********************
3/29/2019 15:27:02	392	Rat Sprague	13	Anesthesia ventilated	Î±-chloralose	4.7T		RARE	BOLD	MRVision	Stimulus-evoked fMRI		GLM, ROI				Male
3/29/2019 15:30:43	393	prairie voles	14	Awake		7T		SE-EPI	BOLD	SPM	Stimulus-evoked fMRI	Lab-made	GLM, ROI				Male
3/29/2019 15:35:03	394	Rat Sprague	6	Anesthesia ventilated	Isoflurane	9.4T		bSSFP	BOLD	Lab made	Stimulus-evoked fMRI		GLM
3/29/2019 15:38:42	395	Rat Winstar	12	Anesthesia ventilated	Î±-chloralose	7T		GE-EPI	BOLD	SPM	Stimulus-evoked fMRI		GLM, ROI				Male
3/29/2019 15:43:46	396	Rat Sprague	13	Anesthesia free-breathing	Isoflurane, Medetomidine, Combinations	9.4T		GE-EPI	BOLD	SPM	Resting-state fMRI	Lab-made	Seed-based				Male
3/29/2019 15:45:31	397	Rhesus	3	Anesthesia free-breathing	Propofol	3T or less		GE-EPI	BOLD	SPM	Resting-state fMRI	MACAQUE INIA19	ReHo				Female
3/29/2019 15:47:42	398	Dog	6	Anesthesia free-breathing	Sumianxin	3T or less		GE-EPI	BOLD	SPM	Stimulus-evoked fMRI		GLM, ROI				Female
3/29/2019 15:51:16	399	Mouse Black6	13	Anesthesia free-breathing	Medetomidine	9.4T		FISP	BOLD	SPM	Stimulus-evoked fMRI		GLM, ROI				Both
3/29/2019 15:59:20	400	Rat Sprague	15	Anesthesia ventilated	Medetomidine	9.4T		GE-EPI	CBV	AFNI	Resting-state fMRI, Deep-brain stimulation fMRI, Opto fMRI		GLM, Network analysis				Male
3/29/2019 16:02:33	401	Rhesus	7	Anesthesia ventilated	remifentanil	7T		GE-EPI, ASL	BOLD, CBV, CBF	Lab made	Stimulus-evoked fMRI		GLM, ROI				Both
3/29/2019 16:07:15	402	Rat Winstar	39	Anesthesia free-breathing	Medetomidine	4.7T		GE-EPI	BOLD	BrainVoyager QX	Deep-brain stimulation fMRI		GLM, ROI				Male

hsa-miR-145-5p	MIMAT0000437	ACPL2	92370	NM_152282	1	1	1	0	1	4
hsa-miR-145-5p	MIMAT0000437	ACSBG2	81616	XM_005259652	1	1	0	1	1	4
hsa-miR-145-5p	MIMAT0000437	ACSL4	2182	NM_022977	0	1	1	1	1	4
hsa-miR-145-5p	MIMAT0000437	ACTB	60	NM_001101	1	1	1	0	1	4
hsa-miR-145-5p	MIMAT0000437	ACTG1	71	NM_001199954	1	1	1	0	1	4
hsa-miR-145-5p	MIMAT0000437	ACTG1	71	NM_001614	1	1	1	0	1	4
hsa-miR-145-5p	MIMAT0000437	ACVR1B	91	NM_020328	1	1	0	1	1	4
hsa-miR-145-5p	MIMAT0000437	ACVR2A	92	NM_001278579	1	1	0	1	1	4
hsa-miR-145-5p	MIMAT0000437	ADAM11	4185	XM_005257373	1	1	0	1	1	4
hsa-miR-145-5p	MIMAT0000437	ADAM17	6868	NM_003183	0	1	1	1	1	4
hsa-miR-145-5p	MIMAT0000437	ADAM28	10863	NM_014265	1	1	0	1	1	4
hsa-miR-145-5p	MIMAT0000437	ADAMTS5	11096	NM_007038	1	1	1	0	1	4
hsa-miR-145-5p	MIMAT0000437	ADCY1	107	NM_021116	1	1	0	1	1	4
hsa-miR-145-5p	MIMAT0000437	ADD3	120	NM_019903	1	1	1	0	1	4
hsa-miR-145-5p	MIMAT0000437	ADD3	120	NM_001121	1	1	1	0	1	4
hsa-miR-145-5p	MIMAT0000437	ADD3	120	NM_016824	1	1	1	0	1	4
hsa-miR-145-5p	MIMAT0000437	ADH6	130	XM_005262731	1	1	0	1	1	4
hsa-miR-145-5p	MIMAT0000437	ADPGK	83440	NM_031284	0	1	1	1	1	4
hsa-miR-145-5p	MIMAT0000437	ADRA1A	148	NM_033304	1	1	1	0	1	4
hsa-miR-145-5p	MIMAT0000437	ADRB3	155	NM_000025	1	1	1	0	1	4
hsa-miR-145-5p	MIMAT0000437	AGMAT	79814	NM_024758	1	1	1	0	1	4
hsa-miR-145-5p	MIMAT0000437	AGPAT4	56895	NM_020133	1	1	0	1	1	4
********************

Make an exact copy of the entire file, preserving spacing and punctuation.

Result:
3/29/2019 15:27:02	392	Rat Sprague	13	Anesthesia ventilated	Î±-chloralose	4.7T		RARE	BOLD	MRVision	Stimulus-evoked fMRI		GLM, ROI				Male
3/29/2019 15:30:43	393	prairie voles	14	Awake		7T		SE-EPI	BOLD	SPM	Stimulus-evoked fMRI	Lab-made	GLM, ROI				Male
3/29/2019 15:35:03	394	Rat Sprague	6	Anesthesia ventilated	Isoflurane	9.4T		bSSFP	BOLD	Lab made	Stimulus-evoked fMRI		GLM
3/29/2019 15:38:42	395	Rat Winstar	12	Anesthesia ventilated	Î±-chloralose	7T		GE-EPI	BOLD	SPM	Stimulus-evoked fMRI		GLM, ROI				Male
3/29/2019 15:43:46	396	Rat Sprague	13	Anesthesia free-breathing	Isoflurane, Medetomidine, Combinations	9.4T		GE-EPI	BOLD	SPM	Resting-state fMRI	Lab-made	Seed-based				Male
3/29/2019 15:45:31	397	Rhesus	3	Anesthesia free-breathing	Propofol	3T or less		GE-EPI	BOLD	SPM	Resting-state fMRI	MACAQUE INIA19	ReHo				Female
3/29/2019 15:47:42	398	Dog	6	Anesthesia free-breathing	Sumianxin	3T or less		GE-EPI	BOLD	SPM	Stimulus-evoked fMRI		GLM, ROI				Female
3/29/2019 15:51:16	399	Mouse Black6	13	Anesthesia free-breathing	Medetomidine	9.4T		FISP	BOLD	SPM	Stimulus-evoked fMRI		GLM, ROI				Both
3/29/2019 15:59:20	400	Rat Sprague	15	Anesthesia ventilated	Medetomidine	9.4T		GE-EPI	CBV	AFNI	Resting-state fMRI, Deep-brain stimulation fMRI, Opto fMRI		GLM, Network analysis				Male
3/29/2019 16:02:33	401	Rhesus	7	Anesthesia ventilated	remifentanil	7T		GE-EPI, ASL	BOLD, CBV, CBF	Lab made	Stimulus-evoked fMRI		GLM, ROI				Both
3/29/2019 16:07:15	402	Rat Winstar	39	Anesthesia free-breathing	Medetomidine	4.7T		GE-EPI	BOLD	BrainVoyager QX	Deep-brain stimulation fMRI		GLM, ROI				Male

hsa-miR-145-5p	MIMAT0000437	ACPL2	92370	NM_152282	1	1	1	0	1	4
hsa-miR-145-5p	MIMAT0000437	ACSBG2	81616	XM_005259652	1	1	0	1	1	4
hsa-miR-145-5p	MIMAT0000437	ACSL4	2182	NM_022977	0	1	1	1	1	4
hsa-miR-145-5p	MIMAT0000437	ACTB	60	NM_001101	1	1	1	0	1	4
hsa-miR-145-5p	MIMAT0000437	ACTG1	71	NM_001199954	1	1	1	0	1	4
hsa-miR-145-5p	MIMAT0000437	ACTG1	71	NM_001614	1	1	1	0	1	4
hsa-miR-145-5p	MIMAT0000437	ACVR1B	91	NM_020328	1	1	0	1	1	4
hsa-miR-145-5p	MIMAT0000437	ACVR2A	92	NM_001278579	1	1	0	1	1	4
hsa-miR-145-5p	MIMAT0000437	ADAM11	4185	XM_005257373	1	1	0	1	1	4
hsa-miR-145-5p	MIMAT0000437	ADAM17	6868	NM_003183	0	1	1	1	1	4
hsa-miR-145-5p	MIMAT0000437	ADAM28	10863	NM_014265	1	1	0	1	1	4
hsa-miR-145-5p	MIMAT0000437	ADAMTS5	11096	NM_007038	1	1	1	0	1	4
hsa-miR-145-5p	MIMAT0000437	ADCY1	107	NM_021116	1	1	0	1	1	4
hsa-miR-145-5p	MIMAT0000437	ADD3	120	NM_019903	1	1	1	0	1	4
hsa-miR-145-5p	MIMAT0000437	ADD3	120	NM_001121	1	1	1	0	1	4
hsa-miR-145-5p	MIMAT0000437	ADD3	120	NM_016824	1	1	1	0	1	4
hsa-miR-145-5p	MIMAT0000437	ADH6	130	XM_005262731	1	1	0	1	1	4
hsa-miR-145-5p	MIMAT0000437	ADPGK	83440	NM_031284	0	1	1	1	1	4
hsa-miR-145-5p	MIMAT0000437	ADRA1A	148	NM_033304	1	1	1	0	1	4
hsa-miR-145-5p	MIMAT0000437	ADRB3	155	NM_000025	1	1	1	0	1	4
hsa-miR-145-5p	MIMAT0000437	AGMAT	79814	NM_024758	1	1	1	0	1	4
hsa-miR-145-5p	MIMAT0000437	AGPAT4	56895	NM_020133	1	1	0	1	1	4